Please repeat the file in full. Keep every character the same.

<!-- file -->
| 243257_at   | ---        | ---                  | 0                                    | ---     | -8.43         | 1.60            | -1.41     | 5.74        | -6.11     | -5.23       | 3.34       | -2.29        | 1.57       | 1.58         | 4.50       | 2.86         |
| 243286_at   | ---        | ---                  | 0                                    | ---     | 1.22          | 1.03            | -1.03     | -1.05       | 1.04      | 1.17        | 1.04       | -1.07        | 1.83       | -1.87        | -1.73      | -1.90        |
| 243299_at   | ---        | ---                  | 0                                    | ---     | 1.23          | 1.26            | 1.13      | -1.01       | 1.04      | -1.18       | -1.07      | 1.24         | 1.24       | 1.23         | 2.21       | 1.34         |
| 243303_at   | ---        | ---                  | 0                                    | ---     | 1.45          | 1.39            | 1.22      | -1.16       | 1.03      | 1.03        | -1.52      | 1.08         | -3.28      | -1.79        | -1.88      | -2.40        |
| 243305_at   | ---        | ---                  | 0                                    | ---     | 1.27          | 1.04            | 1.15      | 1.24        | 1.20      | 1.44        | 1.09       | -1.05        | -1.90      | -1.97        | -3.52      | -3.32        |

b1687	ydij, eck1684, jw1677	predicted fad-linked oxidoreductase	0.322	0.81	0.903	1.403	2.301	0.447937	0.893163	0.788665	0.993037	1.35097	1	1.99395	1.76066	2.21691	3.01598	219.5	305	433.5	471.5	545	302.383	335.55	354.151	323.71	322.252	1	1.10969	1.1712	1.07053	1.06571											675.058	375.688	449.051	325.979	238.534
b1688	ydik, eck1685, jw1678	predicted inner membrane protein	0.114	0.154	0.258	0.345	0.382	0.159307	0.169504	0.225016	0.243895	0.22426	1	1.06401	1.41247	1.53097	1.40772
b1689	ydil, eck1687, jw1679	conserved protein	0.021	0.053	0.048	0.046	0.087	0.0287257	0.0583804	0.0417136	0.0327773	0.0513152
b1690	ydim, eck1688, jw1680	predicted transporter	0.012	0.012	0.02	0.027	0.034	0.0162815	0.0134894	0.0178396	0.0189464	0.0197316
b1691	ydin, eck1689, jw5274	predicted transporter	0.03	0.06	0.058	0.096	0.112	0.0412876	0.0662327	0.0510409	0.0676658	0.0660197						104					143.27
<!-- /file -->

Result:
| 243257_at   | ---        | ---                  | 0                                    | ---     | -8.43         | 1.60            | -1.41     | 5.74        | -6.11     | -5.23       | 3.34       | -2.29        | 1.57       | 1.58         | 4.50       | 2.86         |
| 243286_at   | ---        | ---                  | 0                                    | ---     | 1.22          | 1.03            | -1.03     | -1.05       | 1.04      | 1.17        | 1.04       | -1.07        | 1.83       | -1.87        | -1.73      | -1.90        |
| 243299_at   | ---        | ---                  | 0                                    | ---     | 1.23          | 1.26            | 1.13      | -1.01       | 1.04      | -1.18       | -1.07      | 1.24         | 1.24       | 1.23         | 2.21       | 1.34         |
| 243303_at   | ---        | ---                  | 0                                    | ---     | 1.45          | 1.39            | 1.22      | -1.16       | 1.03      | 1.03        | -1.52      | 1.08         | -3.28      | -1.79        | -1.88      | -2.40        |
| 243305_at   | ---        | ---                  | 0                                    | ---     | 1.27          | 1.04            | 1.15      | 1.24        | 1.20      | 1.44        | 1.09       | -1.05        | -1.90      | -1.97        | -3.52      | -3.32        |

b1687	ydij, eck1684, jw1677	predicted fad-linked oxidoreductase	0.322	0.81	0.903	1.403	2.301	0.447937	0.893163	0.788665	0.993037	1.35097	1	1.99395	1.76066	2.21691	3.01598	219.5	305	433.5	471.5	545	302.383	335.55	354.151	323.71	322.252	1	1.10969	1.1712	1.07053	1.06571											675.058	375.688	449.051	325.979	238.534
b1688	ydik, eck1685, jw1678	predicted inner membrane protein	0.114	0.154	0.258	0.345	0.382	0.159307	0.169504	0.225016	0.243895	0.22426	1	1.06401	1.41247	1.53097	1.40772
b1689	ydil, eck1687, jw1679	conserved protein	0.021	0.053	0.048	0.046	0.087	0.0287257	0.0583804	0.0417136	0.0327773	0.0513152
b1690	ydim, eck1688, jw1680	predicted transporter	0.012	0.012	0.02	0.027	0.034	0.0162815	0.0134894	0.0178396	0.0189464	0.0197316
b1691	ydin, eck1689, jw5274	predicted transporter	0.03	0.06	0.058	0.096	0.112	0.0412876	0.0662327	0.0510409	0.0676658	0.0660197						104					143.27